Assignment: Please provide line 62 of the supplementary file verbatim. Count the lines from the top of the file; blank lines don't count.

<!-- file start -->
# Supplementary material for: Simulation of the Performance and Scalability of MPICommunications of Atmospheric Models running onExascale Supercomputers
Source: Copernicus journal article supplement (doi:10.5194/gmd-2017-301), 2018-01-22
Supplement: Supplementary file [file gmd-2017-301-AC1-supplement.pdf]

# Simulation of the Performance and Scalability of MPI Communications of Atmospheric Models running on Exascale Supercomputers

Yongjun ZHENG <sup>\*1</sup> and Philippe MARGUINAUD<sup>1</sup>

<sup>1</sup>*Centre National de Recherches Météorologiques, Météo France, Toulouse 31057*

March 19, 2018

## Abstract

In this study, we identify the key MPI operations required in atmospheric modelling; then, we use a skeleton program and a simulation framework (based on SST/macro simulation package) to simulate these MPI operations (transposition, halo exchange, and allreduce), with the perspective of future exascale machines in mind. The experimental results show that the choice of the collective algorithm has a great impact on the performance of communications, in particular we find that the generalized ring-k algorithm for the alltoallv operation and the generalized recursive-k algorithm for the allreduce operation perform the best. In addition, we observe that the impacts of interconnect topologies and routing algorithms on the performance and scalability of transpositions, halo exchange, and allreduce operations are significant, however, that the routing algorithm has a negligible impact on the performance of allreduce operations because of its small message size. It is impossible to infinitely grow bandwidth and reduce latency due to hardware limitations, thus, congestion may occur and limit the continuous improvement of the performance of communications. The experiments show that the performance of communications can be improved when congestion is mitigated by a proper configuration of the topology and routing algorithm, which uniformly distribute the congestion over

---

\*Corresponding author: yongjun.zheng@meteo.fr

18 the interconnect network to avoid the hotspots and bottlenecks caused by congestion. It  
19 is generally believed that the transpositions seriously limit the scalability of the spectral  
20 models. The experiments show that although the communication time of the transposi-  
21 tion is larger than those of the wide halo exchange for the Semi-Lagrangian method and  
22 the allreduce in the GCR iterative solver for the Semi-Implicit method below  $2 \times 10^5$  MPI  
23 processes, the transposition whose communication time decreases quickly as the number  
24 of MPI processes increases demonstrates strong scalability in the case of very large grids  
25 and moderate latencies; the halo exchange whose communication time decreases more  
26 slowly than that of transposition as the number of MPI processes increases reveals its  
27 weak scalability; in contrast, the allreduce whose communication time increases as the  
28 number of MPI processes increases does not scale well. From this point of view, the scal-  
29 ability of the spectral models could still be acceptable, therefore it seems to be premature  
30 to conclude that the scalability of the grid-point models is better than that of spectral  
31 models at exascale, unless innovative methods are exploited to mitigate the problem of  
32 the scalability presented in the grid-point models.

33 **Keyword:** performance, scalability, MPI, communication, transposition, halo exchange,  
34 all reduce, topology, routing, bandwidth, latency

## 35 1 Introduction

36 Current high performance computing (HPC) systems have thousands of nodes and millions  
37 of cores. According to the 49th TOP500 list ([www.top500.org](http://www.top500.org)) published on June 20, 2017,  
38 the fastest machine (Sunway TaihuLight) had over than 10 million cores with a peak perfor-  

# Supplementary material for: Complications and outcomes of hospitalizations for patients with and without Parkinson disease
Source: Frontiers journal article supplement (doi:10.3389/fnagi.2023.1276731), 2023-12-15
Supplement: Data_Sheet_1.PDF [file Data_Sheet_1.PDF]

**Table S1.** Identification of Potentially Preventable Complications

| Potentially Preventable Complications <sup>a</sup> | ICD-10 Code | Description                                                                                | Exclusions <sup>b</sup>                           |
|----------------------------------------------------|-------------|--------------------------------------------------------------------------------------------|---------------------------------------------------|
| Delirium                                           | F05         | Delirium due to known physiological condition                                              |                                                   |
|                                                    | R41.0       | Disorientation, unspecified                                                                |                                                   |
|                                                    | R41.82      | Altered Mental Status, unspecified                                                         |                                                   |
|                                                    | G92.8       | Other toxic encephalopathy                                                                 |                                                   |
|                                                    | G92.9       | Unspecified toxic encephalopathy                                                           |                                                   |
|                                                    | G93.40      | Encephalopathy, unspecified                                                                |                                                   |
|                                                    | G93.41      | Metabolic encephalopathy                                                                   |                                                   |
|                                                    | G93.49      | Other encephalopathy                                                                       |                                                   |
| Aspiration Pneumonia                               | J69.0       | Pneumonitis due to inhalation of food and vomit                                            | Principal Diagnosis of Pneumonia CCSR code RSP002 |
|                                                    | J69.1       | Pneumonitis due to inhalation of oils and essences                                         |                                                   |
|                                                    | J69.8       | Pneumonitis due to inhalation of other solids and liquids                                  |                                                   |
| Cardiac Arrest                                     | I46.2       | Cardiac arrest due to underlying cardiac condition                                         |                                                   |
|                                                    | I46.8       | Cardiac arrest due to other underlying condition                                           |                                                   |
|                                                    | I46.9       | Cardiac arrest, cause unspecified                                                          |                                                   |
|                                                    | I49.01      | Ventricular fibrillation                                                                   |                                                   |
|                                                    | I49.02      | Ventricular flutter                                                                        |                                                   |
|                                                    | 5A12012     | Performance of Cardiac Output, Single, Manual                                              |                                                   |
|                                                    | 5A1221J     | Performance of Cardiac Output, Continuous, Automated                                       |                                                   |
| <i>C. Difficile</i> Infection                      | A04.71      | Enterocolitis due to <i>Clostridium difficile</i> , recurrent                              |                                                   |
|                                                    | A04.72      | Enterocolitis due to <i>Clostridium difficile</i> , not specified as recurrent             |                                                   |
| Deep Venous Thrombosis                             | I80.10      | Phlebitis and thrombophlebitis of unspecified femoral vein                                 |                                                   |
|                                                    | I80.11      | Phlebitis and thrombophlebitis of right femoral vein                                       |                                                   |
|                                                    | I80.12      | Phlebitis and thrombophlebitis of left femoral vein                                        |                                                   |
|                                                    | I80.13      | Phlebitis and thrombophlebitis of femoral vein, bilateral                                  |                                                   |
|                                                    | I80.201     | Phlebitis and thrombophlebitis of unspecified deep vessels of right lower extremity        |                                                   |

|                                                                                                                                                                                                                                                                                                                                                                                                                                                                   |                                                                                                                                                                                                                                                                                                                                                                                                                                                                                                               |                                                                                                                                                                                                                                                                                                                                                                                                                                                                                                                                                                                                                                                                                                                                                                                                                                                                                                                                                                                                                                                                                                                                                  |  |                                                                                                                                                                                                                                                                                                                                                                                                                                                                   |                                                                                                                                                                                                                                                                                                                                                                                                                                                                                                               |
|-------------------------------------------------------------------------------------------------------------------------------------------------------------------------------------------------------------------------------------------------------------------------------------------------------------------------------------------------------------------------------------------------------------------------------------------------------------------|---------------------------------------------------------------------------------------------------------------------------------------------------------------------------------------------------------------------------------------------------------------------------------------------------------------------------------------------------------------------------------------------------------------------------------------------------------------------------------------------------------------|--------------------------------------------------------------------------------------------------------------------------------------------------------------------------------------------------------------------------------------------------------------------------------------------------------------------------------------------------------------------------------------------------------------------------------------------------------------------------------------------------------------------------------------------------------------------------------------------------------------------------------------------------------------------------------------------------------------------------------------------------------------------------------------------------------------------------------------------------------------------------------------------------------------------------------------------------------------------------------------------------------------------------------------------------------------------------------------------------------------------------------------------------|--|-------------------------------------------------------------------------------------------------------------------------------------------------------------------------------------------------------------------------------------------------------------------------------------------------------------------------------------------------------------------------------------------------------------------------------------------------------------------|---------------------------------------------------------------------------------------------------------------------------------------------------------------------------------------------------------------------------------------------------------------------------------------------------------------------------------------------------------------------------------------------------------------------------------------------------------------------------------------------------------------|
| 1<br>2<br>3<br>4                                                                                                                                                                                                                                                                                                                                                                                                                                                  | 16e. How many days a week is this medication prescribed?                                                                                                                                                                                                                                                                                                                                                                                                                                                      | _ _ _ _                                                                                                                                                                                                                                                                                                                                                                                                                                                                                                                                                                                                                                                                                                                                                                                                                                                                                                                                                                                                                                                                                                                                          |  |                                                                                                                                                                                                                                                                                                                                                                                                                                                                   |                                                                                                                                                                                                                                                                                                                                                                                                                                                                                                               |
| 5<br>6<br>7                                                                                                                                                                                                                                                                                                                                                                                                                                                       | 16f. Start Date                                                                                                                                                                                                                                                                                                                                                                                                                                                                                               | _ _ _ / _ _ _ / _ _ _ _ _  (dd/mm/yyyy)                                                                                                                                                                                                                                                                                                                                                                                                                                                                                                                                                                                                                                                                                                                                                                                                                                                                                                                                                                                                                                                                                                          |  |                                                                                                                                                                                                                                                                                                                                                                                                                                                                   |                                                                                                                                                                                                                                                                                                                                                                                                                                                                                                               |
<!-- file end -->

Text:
|                                                    | I80.13      | Phlebitis and thrombophlebitis of femoral vein, bilateral                                  |                                                   |